In case of bad-movie emergency, break glass.
Over the two hour-plus running time of the painfully long, exceedingly tedious, consistently unimaginative and quite dopey “Hobbs & Shaw,” I counted some 13 instances in which humans and/or vehicles went crashing through panes of glass.
Ooh, look at all those tiny shards of broken phony glass flying through the air as our anti-heroes go about their business. It’s sooooo … cinematic.
In an empty-calories kind of way.
This loud and lazy and lumbering actioner is a sequel/spinoff to the “Fast and Furious” franchise, reuniting the Hulk-ish American lawman Hobbs (Dwayne Johnson) with the outlaw loner Shaw (Jason Statham).
These two REALLY don’t like each other, mostly because much of the movie is built on that wobbly and ancient foundation.
Forced by their respective bosses to team up in order to save the world from a terrorist threat recycled from a number of other movies (more on that in a moment), Hobbs and Shaw are forever bickering, threatening each other and making jokes about the sizes of their respective, um, egos.
That’s right. There’s a plethora of “junk jokes” and testicle-related “humor” in “Hobbs & Shaw.”
Not to mention the leads taking turns barking “Nobody tells me what to do!” at one another, just before doing something so stupid and reckless it would kill half the characters in the Marvel Universe.
On the “Fast and Furious” timeline, “Hobbs & Shaw” takes place some two years after these two helped Vin Diesel’s Dominic Toretto and his crew take down the evil cyber-terrorist Cypher.
Single father Hobbs is still working for the Diplomatic Secret Service, while Shaw is growling and brooding his way across the pond in London — visiting his mother (Helen Mirren), who is in prison but apparently is allowed to keep wearing her jewelry and having her hair done, and still estranged from his sister Hattie (Vanessa Kirby), an MI6 agent with enough hand-to-hand combat skills to keep at least a couple of stunt doubles gainfully employed.
Hattie has gained possession, in a certain way, of a deadly virus that in the wrong hands could lead to mass casualties around the planet. (Gee, how original.)
This makes Hattie the target of one Brixton Lore (Idris Elba), a former MI6 agent who has gone rogue and has gone mad. (I wonder if there’s a Facebook group for all the MI6 and other secret agents who have gone rogue. That way they could keep in touch!)
And get this: after Shaw “killed” Lore some 13 years ago by putting two bullets in his chest and one in his brain, Lore has been rebuilt into a half-man, half-robotic killing machine.
Basically he’s “Robo-Criminal.”
Or as Lore labels himself, “Black Superman.” We get a couple of those black Superman references, perhaps as a nod to rumors about Idris Elba one day playing the Man of Steel. We also get multiple references to “Game of Thrones,” I guess to demonstrate the pop-culture savvy of these characters.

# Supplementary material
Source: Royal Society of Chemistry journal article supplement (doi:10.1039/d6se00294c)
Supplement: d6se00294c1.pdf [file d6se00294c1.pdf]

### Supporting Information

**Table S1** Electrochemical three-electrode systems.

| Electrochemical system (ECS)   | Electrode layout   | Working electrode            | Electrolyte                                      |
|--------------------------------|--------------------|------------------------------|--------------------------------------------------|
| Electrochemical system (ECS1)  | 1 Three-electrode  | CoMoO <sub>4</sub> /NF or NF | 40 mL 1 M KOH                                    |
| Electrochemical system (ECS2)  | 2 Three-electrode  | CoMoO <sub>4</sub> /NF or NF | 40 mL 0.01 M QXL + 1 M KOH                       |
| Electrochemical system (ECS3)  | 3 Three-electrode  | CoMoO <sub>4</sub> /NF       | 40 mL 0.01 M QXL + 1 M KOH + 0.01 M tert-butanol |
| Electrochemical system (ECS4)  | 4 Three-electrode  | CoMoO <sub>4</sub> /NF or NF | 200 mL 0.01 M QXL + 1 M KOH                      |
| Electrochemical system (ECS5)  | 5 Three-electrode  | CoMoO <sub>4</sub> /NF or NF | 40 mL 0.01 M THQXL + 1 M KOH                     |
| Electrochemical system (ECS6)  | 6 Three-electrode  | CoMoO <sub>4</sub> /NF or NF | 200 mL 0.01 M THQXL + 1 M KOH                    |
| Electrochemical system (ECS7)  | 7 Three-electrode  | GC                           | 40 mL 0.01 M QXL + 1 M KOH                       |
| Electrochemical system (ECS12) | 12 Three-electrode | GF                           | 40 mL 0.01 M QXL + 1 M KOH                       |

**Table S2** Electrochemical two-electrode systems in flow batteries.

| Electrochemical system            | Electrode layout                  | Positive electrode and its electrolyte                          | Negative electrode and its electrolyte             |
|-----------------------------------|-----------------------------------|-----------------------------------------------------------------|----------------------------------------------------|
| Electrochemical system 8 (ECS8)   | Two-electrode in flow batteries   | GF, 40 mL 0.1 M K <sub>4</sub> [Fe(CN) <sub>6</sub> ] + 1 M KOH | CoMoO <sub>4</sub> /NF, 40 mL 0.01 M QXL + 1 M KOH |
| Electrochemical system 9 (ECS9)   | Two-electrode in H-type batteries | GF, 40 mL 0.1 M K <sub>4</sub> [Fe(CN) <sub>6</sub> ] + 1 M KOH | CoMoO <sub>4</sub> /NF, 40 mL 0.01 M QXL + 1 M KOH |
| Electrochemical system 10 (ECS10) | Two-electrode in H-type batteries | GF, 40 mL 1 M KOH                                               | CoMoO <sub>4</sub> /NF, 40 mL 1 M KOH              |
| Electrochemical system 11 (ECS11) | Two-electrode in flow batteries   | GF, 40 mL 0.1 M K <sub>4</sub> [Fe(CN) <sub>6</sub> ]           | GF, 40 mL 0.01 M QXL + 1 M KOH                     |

Lore works for one of those evil technology corporations that has a high-tech, glass-walled, Google-worthy headquarters, housing hundreds of employees who are either (a) scientist/researchers or (b) henchmen who will be killed before the movie is over.
As Lore explains it, the company wants to use the deadly agent to wipe out the weaker human beings on the planet in order to create a better world. If he controls that virus, it’ll be as if he can snap his fingers, and half the population will disappear!
Anyone seen my Thanos?
When it’s pointed out to Lore this would constitute genocide, Lore fires back by saying:
No joke. That’s actually what he says: Genocide schmenocide.
This is the kind of weak writing punctuating many a scene. One character is even given an alias that when spoken quickly, turns into a small-penis joke. We’re in prank-call territory, people.
“Hobbs & Shaw” features separate, semi-surprise guest cameos by a couple of likable, very funny actors who are helpless against the weight of the crushingly bad lines they have to deliver. Other terrific actors, including Eiza Gonzalez and Cliff Curtis, are saddled with equally unmemorable, borderline cartoonish parts.
You can almost see the green screens behind the actors during some of the more outlandish chase sequences, which come across as second-rate imitations of the action scenes from the “Mission: Impossible” movies. And there’s so much quick-cutting during the many, many hand-to-hand combat sequences, the dramatic and/or comedic effect is often diluted. (Even one easy payoff, involving a seemingly invincible foe going down after one punch, is ruined in the editing.)
We don’t expect a whole lot of acting in these movies, but even for a “Fast and Furious” entry, the two enormously cool leads are given so little to do they could have shown up on set without ever having the read the script and been just fine handling their respective parts.
The cardboard standees of these guys in movie theaters across the world will have just as much depth.